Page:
“Watson, come at once! I think I have formed a likely hypothesis that might explain how these men ended up as corpses on my carpet.”

I rushed back to Holmes, curious despite my better judgment.

“I am most eager to hear any theories you may have formulated in my absence,” said I.

Holmes leaned back in his chair, fingers steepled under his chin. “I think I may have a theory that fits the facts. These young men were members of the local amateur dramatic society and they were looking for a place to rehearse. The play they were rehearsing was most likely a melodrama given the presence of the revolver and the dagger.”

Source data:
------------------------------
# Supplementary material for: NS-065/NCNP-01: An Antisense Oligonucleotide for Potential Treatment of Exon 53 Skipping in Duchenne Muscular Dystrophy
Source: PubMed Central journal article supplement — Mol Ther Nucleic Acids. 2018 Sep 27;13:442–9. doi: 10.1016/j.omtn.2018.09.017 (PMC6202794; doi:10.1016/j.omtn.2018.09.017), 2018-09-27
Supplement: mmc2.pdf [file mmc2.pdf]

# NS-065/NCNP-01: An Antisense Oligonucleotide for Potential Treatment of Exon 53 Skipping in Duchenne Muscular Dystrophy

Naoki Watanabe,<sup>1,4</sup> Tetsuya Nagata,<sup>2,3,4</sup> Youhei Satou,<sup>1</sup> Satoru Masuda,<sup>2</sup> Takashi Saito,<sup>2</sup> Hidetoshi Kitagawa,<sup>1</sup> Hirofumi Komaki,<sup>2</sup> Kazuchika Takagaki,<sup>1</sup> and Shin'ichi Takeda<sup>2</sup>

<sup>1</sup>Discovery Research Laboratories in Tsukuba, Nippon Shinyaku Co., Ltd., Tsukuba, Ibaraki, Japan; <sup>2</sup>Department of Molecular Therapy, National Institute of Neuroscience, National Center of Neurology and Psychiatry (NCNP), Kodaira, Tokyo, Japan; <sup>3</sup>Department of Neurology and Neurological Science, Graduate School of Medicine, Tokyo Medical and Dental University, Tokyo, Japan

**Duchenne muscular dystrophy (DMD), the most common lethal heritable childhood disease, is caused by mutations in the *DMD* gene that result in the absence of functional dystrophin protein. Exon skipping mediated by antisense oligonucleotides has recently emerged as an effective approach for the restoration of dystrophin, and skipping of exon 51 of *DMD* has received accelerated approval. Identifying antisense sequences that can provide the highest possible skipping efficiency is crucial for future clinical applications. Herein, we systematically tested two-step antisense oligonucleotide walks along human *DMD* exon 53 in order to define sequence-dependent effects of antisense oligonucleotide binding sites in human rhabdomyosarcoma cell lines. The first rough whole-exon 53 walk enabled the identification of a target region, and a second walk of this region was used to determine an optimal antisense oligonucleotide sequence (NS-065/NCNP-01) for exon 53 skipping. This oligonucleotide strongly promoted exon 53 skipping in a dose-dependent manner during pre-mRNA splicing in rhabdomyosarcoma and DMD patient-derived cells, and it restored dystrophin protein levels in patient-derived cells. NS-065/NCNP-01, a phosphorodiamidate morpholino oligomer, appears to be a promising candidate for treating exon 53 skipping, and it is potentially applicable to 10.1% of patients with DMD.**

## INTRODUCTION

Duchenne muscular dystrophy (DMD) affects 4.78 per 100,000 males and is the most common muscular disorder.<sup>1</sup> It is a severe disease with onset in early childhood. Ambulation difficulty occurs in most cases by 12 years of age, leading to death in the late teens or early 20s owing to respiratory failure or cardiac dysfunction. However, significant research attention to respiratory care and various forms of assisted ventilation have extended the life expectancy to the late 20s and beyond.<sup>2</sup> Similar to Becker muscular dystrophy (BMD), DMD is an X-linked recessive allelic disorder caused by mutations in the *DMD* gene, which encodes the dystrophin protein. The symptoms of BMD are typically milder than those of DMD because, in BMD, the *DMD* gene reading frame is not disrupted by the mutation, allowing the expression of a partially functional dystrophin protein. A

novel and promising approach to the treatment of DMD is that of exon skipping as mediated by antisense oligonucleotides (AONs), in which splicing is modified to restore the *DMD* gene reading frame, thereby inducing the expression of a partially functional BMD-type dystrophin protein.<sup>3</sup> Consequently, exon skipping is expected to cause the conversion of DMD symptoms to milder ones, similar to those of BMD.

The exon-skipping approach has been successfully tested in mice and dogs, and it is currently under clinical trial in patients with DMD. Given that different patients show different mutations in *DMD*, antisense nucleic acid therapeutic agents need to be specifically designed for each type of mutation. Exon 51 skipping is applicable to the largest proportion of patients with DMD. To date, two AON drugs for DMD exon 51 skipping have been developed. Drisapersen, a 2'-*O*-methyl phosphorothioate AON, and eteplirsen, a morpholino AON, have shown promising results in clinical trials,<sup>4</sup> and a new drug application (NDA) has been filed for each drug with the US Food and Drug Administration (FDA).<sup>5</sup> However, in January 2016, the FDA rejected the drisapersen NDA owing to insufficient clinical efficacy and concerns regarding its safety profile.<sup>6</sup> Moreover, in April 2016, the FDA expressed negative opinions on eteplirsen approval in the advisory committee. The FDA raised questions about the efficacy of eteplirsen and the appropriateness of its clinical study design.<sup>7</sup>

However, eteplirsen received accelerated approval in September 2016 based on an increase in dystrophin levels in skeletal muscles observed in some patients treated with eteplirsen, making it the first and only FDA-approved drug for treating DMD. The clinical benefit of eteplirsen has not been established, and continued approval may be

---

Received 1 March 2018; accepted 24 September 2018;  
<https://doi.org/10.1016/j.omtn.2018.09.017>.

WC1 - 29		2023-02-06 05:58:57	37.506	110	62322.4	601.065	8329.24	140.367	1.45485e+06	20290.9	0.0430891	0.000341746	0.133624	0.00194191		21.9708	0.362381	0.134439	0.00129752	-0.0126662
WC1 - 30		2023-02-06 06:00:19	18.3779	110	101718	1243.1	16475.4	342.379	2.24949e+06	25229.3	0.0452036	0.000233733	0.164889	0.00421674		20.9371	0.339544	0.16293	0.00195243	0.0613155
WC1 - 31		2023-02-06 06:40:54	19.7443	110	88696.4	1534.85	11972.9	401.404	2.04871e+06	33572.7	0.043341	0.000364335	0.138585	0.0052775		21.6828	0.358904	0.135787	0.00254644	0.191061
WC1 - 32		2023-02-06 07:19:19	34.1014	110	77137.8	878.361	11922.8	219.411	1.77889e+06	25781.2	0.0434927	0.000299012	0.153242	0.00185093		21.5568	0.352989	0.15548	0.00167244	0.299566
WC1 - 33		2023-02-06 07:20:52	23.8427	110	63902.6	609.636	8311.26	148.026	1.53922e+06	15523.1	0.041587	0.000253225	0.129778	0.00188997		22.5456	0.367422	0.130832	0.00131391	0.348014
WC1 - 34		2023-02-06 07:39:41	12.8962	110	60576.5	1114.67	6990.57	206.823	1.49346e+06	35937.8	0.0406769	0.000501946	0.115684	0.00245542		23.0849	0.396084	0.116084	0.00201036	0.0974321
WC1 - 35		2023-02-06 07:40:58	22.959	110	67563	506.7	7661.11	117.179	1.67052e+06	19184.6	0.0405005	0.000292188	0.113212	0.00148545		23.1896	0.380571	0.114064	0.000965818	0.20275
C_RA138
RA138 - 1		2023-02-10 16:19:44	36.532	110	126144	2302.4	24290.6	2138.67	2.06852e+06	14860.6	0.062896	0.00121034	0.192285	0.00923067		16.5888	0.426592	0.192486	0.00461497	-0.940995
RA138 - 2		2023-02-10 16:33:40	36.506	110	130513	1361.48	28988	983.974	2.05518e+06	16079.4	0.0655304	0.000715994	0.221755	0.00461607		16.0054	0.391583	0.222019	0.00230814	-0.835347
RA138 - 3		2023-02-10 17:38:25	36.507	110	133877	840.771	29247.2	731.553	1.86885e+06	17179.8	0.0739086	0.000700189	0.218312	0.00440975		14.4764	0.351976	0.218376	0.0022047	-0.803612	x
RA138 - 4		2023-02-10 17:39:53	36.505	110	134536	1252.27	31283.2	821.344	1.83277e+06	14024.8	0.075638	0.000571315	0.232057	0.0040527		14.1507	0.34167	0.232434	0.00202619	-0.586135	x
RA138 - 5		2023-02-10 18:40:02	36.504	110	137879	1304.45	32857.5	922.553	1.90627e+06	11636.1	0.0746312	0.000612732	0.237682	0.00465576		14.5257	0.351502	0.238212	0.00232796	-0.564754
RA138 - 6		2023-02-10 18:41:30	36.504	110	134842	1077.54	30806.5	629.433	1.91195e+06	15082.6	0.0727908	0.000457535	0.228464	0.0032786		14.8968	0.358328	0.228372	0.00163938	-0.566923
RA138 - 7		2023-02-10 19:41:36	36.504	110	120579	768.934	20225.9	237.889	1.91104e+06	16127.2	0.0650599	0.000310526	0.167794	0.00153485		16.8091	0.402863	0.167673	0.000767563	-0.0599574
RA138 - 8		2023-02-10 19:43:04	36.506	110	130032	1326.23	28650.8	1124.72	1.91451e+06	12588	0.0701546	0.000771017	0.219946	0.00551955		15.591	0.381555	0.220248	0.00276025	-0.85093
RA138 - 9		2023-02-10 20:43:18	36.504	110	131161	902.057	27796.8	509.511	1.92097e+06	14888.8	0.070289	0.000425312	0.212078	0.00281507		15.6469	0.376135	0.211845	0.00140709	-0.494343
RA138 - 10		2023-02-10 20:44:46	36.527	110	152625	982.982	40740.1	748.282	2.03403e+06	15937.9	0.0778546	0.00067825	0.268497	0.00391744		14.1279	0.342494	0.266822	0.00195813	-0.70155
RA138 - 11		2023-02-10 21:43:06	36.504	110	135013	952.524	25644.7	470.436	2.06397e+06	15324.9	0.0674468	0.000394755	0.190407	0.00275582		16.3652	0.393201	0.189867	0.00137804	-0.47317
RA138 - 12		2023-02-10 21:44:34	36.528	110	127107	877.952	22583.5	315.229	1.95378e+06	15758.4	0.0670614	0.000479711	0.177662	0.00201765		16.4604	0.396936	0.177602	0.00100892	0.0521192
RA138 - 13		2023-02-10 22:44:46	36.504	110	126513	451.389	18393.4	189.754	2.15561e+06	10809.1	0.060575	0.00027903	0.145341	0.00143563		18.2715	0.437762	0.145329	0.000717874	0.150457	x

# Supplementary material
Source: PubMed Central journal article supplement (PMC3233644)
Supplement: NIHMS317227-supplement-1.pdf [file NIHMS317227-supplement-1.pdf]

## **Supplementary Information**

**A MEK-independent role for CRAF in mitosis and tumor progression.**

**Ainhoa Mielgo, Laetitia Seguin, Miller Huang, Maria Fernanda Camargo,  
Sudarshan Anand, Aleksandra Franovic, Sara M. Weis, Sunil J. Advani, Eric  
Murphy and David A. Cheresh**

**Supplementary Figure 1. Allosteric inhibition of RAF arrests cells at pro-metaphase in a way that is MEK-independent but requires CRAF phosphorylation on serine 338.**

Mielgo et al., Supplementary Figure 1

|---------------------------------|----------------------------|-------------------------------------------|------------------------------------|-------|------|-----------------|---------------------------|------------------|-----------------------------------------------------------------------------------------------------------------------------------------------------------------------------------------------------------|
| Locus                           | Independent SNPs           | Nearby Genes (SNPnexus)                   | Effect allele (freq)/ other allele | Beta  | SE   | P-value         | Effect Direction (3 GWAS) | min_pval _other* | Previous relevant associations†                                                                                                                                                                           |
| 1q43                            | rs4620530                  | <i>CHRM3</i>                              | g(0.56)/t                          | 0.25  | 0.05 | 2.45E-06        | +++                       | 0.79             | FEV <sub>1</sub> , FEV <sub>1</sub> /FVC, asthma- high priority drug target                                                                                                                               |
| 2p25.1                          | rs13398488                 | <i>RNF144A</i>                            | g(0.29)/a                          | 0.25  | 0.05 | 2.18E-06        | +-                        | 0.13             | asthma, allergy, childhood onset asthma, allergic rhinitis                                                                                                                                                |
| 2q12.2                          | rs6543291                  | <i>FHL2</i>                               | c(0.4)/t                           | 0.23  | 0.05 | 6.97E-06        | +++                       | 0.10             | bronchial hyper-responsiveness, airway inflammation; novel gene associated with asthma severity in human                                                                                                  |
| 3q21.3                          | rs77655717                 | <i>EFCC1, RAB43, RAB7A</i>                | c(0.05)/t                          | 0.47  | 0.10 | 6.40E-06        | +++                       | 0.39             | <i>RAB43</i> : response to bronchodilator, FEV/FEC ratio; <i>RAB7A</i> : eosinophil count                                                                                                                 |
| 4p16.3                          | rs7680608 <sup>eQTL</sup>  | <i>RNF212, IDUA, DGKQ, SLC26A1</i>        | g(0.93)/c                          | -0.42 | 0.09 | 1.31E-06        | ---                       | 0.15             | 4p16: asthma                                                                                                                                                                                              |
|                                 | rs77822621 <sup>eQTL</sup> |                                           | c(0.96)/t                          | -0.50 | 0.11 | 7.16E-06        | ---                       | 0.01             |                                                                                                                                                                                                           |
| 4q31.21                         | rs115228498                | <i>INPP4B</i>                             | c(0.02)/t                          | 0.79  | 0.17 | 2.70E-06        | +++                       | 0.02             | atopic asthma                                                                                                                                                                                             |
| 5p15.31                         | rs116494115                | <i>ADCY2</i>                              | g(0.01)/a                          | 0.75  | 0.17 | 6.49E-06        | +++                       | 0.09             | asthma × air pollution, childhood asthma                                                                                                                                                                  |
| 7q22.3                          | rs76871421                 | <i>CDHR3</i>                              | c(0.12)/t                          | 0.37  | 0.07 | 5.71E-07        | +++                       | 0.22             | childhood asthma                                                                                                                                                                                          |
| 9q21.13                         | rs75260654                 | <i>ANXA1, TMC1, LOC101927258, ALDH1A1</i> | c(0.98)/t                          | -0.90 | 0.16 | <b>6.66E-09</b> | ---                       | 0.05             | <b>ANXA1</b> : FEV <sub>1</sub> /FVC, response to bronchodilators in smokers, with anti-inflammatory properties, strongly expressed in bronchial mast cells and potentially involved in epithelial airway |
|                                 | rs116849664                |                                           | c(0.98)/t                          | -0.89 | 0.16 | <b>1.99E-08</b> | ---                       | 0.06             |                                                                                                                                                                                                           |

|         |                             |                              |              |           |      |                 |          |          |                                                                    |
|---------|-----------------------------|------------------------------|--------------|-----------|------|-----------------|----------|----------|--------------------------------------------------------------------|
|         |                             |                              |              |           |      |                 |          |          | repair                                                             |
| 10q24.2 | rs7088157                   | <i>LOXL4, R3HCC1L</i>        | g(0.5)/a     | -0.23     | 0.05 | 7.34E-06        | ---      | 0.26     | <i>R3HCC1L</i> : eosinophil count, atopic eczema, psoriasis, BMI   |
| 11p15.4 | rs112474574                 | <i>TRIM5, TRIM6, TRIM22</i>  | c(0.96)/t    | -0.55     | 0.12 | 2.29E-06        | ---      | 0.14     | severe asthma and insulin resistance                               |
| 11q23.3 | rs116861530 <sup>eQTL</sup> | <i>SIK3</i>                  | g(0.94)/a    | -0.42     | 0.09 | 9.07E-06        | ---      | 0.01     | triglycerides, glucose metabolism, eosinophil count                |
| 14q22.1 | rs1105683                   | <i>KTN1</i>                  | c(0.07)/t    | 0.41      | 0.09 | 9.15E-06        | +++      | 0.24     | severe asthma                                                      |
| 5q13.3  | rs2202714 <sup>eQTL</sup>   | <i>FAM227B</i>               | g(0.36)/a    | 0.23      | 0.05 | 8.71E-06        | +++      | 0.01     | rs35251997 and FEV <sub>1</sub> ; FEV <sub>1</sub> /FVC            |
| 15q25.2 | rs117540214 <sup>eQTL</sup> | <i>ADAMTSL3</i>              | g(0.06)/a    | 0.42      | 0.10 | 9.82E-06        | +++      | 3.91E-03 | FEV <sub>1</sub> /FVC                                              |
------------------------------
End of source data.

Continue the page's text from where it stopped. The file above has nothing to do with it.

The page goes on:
“But why not rehearse in a theatre and why use real weapons, Holmes?”

“I would imagine that their theatre is a small one that was already bustling with the activity of actors trying to learn their parts. These poor devils, who now lie on my carpet, probably wished for a more quiet spot to rehearse their highly emotional and badly written scenes. As for their use of real weapons for a theatrical purpose, I can see only one reason for it.”

“And what is that?”

“It is an affliction many young people seem to be suffering from these days: idiocy.”

As I had recently encountered a young magician complaining of stomach pains after swallowing a canary, I had to concede his point.

“All right,” said I, “you have explained the presence of the two young men on the Downs and why they were wielding weapons, but you have yet to explain the rhinoceros and how it could have possibly played a role in their deaths.”